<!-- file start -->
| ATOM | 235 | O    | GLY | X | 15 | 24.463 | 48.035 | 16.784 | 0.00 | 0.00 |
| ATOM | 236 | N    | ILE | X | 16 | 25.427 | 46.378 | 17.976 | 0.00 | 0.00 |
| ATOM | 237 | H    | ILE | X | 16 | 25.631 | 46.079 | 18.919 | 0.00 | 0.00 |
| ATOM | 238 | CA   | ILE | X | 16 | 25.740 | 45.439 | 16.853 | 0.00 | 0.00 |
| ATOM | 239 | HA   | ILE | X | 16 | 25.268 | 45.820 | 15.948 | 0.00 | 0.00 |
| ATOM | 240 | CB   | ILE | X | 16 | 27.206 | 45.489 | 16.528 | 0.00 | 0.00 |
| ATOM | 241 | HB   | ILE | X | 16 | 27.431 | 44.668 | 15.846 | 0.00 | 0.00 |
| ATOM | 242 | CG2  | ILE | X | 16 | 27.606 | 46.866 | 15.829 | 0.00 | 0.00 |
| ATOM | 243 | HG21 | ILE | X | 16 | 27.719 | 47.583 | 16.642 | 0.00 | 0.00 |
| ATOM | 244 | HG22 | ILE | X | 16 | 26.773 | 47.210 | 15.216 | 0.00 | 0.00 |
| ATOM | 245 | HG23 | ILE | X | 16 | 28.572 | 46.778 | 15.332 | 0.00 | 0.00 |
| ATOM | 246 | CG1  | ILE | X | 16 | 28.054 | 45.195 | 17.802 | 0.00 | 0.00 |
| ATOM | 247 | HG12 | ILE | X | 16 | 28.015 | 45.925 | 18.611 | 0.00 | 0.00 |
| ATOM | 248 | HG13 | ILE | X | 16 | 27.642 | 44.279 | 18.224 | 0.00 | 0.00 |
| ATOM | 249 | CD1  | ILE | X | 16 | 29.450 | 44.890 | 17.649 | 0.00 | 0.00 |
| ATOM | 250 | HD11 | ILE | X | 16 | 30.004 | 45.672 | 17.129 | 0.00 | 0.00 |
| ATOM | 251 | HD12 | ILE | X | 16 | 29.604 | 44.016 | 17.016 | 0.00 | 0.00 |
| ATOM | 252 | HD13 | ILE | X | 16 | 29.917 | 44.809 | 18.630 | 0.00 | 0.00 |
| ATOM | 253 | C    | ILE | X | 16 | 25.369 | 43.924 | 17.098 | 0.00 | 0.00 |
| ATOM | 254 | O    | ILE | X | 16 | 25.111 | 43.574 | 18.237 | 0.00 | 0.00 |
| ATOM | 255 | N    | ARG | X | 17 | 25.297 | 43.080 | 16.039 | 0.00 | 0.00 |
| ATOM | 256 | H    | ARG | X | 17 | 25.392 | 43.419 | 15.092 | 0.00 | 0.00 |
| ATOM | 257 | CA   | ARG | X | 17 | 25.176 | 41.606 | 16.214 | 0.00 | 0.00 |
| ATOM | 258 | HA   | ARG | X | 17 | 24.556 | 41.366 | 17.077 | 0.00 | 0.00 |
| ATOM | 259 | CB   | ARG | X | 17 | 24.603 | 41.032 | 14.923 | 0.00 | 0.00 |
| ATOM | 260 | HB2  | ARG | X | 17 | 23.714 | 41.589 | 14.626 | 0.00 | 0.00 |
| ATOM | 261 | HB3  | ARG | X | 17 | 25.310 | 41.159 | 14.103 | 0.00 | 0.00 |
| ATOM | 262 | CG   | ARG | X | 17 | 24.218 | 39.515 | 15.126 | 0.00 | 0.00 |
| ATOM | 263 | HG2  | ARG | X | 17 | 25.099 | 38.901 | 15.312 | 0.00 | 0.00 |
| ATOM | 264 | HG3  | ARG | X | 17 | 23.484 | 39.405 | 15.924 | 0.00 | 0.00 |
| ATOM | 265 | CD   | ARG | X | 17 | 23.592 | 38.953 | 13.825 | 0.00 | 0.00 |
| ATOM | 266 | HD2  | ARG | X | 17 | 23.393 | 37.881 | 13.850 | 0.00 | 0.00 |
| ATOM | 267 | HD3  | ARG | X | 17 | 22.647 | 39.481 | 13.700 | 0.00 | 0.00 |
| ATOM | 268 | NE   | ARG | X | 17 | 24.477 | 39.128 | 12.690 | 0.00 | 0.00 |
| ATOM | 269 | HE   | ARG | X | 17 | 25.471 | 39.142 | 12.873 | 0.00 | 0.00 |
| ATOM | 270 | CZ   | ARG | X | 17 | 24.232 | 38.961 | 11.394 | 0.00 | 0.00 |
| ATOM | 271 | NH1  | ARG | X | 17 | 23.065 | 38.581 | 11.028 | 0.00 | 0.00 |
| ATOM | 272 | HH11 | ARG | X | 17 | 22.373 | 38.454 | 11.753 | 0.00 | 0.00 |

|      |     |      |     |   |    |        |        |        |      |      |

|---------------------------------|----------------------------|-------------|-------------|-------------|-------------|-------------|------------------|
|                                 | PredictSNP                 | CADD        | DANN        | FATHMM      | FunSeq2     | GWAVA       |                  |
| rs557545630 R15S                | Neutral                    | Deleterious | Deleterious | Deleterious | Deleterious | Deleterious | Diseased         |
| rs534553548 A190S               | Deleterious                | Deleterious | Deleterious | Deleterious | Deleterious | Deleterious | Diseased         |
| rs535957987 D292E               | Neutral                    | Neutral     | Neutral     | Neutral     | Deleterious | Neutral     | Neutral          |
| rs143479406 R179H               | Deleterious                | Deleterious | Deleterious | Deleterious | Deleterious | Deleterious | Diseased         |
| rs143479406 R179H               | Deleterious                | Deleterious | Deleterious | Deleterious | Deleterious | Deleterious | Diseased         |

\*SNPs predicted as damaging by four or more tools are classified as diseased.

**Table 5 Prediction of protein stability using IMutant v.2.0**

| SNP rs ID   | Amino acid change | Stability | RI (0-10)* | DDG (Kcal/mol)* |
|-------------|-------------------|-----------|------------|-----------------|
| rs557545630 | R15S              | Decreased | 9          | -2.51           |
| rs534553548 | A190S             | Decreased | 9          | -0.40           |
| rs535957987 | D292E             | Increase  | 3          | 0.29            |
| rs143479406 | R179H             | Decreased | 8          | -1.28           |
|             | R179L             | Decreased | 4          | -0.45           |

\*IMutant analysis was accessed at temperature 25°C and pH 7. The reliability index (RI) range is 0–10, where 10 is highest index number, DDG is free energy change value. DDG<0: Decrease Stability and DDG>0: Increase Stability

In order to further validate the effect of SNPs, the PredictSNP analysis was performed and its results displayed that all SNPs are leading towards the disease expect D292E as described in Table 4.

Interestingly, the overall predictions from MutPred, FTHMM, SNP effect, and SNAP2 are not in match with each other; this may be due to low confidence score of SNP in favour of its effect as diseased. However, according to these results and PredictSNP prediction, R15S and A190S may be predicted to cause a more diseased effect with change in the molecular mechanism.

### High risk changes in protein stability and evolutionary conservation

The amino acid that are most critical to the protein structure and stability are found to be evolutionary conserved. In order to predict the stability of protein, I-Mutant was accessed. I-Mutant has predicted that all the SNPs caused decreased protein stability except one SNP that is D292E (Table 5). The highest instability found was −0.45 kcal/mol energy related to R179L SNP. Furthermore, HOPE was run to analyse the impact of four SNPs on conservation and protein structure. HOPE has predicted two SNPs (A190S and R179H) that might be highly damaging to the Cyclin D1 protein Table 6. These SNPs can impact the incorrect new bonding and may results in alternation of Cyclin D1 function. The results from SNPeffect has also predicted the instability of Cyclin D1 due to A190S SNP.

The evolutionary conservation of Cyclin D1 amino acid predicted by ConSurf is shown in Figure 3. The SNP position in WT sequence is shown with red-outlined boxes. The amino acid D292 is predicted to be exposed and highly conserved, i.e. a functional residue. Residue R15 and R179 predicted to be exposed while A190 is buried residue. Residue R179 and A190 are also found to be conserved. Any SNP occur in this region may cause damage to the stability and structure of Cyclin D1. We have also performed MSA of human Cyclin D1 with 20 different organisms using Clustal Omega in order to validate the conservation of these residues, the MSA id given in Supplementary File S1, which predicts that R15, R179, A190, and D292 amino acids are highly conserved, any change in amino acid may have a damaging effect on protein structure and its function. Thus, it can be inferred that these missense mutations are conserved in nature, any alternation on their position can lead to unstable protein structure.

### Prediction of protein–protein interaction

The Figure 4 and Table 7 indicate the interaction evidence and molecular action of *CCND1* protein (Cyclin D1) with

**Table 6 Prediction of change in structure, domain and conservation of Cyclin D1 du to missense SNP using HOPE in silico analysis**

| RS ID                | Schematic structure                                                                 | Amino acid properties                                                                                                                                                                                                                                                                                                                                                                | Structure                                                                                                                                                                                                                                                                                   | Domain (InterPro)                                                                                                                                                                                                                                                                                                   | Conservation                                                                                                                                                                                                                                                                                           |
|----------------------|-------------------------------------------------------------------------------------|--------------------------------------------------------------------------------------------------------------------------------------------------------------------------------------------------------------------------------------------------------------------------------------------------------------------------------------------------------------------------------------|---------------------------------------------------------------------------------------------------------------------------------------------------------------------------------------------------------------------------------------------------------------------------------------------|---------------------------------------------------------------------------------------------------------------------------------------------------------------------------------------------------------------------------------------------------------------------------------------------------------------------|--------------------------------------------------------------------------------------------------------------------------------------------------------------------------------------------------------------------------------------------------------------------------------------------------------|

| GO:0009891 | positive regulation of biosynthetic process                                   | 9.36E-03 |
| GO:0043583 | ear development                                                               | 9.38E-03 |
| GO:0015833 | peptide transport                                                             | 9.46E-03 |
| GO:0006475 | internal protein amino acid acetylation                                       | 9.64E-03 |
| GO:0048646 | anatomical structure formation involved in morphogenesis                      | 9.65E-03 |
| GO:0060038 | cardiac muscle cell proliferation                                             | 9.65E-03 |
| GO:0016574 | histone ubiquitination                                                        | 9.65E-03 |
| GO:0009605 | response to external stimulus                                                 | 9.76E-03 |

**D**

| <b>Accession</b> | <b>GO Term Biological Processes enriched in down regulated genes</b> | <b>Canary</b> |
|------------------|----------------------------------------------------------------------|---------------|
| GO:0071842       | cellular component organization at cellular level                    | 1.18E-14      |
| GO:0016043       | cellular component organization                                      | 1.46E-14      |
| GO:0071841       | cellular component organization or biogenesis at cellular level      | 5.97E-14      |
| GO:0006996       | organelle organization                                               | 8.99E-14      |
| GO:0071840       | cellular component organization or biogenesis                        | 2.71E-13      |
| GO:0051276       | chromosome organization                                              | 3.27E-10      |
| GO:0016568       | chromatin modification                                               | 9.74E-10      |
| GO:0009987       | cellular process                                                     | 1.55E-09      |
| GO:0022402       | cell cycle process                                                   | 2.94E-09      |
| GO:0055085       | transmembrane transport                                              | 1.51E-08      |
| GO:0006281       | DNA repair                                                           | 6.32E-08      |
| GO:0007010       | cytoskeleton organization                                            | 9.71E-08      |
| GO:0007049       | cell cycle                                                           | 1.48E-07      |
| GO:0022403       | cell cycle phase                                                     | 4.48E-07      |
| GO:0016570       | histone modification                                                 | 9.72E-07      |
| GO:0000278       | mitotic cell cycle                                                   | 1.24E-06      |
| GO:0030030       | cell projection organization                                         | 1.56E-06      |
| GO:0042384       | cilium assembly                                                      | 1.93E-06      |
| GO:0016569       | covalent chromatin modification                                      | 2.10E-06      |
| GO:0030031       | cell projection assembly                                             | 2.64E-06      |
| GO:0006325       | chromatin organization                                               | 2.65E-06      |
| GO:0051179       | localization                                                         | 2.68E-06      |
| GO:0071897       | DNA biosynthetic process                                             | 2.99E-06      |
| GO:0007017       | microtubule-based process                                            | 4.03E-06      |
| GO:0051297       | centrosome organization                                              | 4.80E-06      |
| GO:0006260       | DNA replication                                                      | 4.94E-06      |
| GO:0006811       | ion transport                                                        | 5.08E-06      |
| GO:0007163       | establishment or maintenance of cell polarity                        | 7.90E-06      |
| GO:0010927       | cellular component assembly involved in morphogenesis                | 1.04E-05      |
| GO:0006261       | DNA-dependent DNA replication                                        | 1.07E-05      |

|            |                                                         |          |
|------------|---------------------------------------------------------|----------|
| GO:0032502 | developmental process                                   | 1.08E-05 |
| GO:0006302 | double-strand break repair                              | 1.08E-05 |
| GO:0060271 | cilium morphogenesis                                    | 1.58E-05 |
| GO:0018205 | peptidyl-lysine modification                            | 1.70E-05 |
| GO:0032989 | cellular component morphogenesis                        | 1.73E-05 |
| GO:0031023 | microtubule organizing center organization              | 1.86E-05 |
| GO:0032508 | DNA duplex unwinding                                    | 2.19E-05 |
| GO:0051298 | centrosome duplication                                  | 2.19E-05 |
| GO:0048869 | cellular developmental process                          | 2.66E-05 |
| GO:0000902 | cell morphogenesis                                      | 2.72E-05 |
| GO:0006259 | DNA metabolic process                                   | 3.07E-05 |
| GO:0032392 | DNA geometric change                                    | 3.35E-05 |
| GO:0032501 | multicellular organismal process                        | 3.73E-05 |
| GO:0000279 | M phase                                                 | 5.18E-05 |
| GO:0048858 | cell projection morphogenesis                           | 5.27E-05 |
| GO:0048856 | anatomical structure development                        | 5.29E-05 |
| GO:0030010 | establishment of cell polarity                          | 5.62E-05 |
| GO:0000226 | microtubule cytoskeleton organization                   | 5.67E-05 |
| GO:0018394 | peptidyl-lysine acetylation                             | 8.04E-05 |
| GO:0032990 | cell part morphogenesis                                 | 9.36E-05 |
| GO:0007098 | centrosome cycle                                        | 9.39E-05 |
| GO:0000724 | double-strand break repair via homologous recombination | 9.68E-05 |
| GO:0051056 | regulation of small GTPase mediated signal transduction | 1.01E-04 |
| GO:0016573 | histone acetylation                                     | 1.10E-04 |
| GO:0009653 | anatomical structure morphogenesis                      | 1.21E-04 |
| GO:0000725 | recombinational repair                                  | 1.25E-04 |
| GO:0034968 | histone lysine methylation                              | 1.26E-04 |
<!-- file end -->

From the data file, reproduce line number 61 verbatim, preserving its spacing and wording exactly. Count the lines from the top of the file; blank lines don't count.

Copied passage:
The evolutionary conservation of Cyclin D1 amino acid predicted by ConSurf is shown in Figure 3. The SNP position in WT sequence is shown with red-outlined boxes. The amino acid D292 is predicted to be exposed and highly conserved, i.e. a functional residue. Residue R15 and R179 predicted to be exposed while A190 is buried residue. Residue R179 and A190 are also found to be conserved. Any SNP occur in this region may cause damage to the stability and structure of Cyclin D1. We have also performed MSA of human Cyclin D1 with 20 different organisms using Clustal Omega in order to validate the conservation of these residues, the MSA id given in Supplementary File S1, which predicts that R15, R179, A190, and D292 amino acids are highly conserved, any change in amino acid may have a damaging effect on protein structure and its function. Thus, it can be inferred that these missense mutations are conserved in nature, any alternation on their position can lead to unstable protein structure.